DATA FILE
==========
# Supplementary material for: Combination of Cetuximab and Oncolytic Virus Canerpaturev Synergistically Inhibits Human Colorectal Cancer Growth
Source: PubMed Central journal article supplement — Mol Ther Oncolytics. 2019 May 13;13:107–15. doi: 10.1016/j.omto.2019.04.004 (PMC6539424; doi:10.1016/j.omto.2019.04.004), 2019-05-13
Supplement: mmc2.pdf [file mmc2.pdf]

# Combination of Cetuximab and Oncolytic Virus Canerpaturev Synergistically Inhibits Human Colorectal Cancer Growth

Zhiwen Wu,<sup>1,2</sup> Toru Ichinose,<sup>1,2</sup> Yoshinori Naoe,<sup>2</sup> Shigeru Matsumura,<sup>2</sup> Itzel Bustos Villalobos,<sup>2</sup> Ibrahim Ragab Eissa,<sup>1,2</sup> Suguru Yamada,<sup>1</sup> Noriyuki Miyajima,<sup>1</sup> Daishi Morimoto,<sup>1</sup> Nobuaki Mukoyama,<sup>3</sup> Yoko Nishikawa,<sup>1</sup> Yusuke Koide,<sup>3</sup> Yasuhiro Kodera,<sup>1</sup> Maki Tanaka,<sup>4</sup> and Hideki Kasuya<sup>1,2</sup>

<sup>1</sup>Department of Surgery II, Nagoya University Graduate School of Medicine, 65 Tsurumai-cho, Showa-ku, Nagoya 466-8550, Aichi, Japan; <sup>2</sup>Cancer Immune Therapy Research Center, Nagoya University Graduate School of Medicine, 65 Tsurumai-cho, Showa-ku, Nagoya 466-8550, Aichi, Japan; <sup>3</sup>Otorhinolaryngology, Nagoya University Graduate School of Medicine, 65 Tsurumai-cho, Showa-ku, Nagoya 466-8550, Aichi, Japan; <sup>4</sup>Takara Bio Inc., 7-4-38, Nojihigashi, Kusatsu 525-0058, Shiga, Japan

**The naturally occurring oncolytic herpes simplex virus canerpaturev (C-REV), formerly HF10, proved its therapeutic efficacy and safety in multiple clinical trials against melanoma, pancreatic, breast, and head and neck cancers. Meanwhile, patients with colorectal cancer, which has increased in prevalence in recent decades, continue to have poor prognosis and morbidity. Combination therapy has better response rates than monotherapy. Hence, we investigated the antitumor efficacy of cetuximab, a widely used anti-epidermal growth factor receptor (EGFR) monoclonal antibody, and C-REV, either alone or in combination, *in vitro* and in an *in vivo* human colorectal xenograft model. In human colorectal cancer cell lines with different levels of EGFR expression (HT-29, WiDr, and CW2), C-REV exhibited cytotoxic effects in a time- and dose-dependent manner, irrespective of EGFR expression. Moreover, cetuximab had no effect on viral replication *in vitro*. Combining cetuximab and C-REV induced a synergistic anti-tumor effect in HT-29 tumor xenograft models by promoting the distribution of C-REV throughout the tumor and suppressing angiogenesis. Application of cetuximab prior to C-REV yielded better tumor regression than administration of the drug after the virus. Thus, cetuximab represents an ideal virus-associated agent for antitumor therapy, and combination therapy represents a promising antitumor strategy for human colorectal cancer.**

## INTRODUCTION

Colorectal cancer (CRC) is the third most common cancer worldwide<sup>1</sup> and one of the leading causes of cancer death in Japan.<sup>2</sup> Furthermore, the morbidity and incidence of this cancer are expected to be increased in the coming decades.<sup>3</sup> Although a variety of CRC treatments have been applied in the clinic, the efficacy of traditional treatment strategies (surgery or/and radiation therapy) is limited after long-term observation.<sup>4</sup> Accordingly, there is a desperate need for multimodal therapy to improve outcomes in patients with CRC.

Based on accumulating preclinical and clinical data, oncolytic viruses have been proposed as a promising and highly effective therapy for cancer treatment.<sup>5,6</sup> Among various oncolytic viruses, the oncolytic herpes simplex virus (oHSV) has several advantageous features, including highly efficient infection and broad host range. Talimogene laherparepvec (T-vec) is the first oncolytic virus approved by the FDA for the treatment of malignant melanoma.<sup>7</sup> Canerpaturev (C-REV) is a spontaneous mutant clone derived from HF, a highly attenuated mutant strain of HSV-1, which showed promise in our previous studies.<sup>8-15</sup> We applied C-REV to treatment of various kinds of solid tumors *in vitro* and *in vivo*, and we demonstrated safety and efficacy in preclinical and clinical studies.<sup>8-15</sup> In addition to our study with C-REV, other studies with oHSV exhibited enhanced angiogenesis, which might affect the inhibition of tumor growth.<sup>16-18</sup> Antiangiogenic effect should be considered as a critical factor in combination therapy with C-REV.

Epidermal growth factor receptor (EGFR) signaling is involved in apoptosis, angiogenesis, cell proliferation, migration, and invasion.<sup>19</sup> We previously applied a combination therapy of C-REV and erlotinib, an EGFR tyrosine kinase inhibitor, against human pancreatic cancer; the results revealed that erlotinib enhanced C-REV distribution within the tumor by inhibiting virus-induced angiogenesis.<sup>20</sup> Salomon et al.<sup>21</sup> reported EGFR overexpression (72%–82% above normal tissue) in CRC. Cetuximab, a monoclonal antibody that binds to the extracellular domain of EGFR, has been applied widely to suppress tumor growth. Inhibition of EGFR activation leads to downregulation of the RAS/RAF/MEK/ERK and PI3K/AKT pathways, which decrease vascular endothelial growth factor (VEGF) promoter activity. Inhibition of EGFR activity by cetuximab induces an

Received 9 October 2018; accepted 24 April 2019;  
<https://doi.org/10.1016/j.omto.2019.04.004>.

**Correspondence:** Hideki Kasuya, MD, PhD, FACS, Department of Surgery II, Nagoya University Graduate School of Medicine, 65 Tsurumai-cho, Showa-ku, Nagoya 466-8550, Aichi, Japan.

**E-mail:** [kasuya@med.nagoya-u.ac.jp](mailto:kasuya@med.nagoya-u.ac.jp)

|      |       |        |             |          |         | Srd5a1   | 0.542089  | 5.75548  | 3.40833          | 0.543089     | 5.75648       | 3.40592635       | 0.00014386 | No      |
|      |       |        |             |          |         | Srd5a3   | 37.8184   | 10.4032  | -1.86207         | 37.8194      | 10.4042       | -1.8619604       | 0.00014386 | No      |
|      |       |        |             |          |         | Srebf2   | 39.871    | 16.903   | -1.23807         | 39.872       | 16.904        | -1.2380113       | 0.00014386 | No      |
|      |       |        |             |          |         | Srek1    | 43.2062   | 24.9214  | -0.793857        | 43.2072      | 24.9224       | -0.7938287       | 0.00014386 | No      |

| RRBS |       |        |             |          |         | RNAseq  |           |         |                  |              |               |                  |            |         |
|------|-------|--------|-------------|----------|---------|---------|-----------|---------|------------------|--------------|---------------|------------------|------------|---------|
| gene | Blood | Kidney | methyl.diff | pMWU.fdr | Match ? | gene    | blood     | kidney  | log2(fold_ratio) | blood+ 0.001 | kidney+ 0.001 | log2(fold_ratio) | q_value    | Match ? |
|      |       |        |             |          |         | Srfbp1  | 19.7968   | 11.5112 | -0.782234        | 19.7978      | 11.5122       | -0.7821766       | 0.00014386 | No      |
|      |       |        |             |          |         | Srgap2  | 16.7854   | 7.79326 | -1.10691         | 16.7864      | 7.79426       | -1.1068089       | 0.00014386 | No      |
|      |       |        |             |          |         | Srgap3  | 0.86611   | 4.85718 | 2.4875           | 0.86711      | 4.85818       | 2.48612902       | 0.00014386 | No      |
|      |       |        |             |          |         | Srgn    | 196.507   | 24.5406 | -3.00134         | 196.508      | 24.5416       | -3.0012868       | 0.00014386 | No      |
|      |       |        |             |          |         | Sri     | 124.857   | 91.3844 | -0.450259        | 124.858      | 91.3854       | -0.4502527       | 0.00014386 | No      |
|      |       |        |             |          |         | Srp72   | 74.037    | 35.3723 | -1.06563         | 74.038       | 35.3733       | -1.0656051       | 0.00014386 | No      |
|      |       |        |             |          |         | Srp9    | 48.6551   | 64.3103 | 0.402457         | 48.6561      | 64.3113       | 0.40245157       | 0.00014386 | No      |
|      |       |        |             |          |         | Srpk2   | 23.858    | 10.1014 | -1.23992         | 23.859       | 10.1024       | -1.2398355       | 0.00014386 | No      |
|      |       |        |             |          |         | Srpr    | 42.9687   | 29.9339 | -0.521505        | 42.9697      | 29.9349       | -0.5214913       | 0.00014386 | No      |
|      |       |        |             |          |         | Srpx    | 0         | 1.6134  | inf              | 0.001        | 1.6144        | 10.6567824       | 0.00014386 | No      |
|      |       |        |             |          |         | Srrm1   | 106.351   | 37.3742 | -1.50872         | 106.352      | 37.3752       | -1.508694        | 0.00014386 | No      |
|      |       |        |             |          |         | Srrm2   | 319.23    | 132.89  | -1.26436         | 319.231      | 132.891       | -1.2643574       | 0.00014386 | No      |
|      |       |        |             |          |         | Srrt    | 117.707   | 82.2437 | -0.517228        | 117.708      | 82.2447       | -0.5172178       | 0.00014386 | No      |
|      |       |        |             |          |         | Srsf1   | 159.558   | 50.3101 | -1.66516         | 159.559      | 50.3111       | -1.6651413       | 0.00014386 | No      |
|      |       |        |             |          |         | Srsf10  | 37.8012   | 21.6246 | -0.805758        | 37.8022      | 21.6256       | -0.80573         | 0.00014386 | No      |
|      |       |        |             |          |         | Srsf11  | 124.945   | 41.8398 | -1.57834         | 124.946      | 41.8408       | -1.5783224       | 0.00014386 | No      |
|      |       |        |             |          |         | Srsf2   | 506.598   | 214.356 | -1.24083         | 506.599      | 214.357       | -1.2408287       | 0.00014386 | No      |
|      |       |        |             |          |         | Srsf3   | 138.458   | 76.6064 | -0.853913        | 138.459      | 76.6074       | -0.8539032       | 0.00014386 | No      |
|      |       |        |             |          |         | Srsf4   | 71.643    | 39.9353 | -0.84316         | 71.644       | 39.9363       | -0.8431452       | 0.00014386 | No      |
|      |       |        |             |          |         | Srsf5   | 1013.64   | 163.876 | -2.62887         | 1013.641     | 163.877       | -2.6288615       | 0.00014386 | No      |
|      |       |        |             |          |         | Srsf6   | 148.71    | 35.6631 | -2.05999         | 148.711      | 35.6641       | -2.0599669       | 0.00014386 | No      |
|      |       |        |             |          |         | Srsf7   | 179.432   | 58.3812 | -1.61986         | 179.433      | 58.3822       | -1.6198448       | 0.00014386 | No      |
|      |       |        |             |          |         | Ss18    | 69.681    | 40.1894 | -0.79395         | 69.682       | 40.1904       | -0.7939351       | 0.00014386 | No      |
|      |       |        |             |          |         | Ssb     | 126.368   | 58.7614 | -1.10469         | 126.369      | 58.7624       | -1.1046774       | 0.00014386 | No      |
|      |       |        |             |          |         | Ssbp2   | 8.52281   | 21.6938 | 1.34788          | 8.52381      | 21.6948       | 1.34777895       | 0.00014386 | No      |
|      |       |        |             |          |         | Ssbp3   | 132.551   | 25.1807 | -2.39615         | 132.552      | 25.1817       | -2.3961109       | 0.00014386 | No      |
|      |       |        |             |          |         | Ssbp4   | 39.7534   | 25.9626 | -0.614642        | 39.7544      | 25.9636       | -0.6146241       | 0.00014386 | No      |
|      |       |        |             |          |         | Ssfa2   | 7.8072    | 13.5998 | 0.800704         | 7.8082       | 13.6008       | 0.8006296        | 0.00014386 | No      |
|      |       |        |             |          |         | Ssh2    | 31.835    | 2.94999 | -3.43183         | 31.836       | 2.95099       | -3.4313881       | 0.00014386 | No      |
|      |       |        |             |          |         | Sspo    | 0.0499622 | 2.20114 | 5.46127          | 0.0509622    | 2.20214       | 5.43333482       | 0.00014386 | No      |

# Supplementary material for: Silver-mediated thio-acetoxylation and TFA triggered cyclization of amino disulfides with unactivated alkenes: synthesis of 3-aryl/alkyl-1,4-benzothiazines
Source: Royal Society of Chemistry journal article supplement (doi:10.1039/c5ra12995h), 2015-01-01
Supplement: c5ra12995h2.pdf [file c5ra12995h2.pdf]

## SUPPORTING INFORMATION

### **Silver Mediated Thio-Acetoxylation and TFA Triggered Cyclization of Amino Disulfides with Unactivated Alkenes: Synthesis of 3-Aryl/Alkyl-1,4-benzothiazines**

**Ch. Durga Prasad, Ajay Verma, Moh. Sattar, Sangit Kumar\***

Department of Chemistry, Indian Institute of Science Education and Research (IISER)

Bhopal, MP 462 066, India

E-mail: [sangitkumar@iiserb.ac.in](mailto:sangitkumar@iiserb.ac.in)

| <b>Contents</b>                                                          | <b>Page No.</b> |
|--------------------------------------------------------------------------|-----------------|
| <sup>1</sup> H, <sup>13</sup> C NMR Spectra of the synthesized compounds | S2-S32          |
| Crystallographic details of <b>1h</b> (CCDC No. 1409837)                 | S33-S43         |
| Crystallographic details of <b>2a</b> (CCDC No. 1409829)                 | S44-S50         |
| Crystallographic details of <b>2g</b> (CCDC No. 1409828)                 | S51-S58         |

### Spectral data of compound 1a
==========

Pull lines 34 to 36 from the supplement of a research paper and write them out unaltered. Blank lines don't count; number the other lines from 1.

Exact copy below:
|      |       |        |             |          |         | Srrm2   | 319.23    | 132.89  | -1.26436         | 319.231      | 132.891       | -1.2643574       | 0.00014386 | No      |
|      |       |        |             |          |         | Srrt    | 117.707   | 82.2437 | -0.517228        | 117.708      | 82.2447       | -0.5172178       | 0.00014386 | No      |
|      |       |        |             |          |         | Srsf1   | 159.558   | 50.3101 | -1.66516         | 159.559      | 50.3111       | -1.6651413       | 0.00014386 | No      |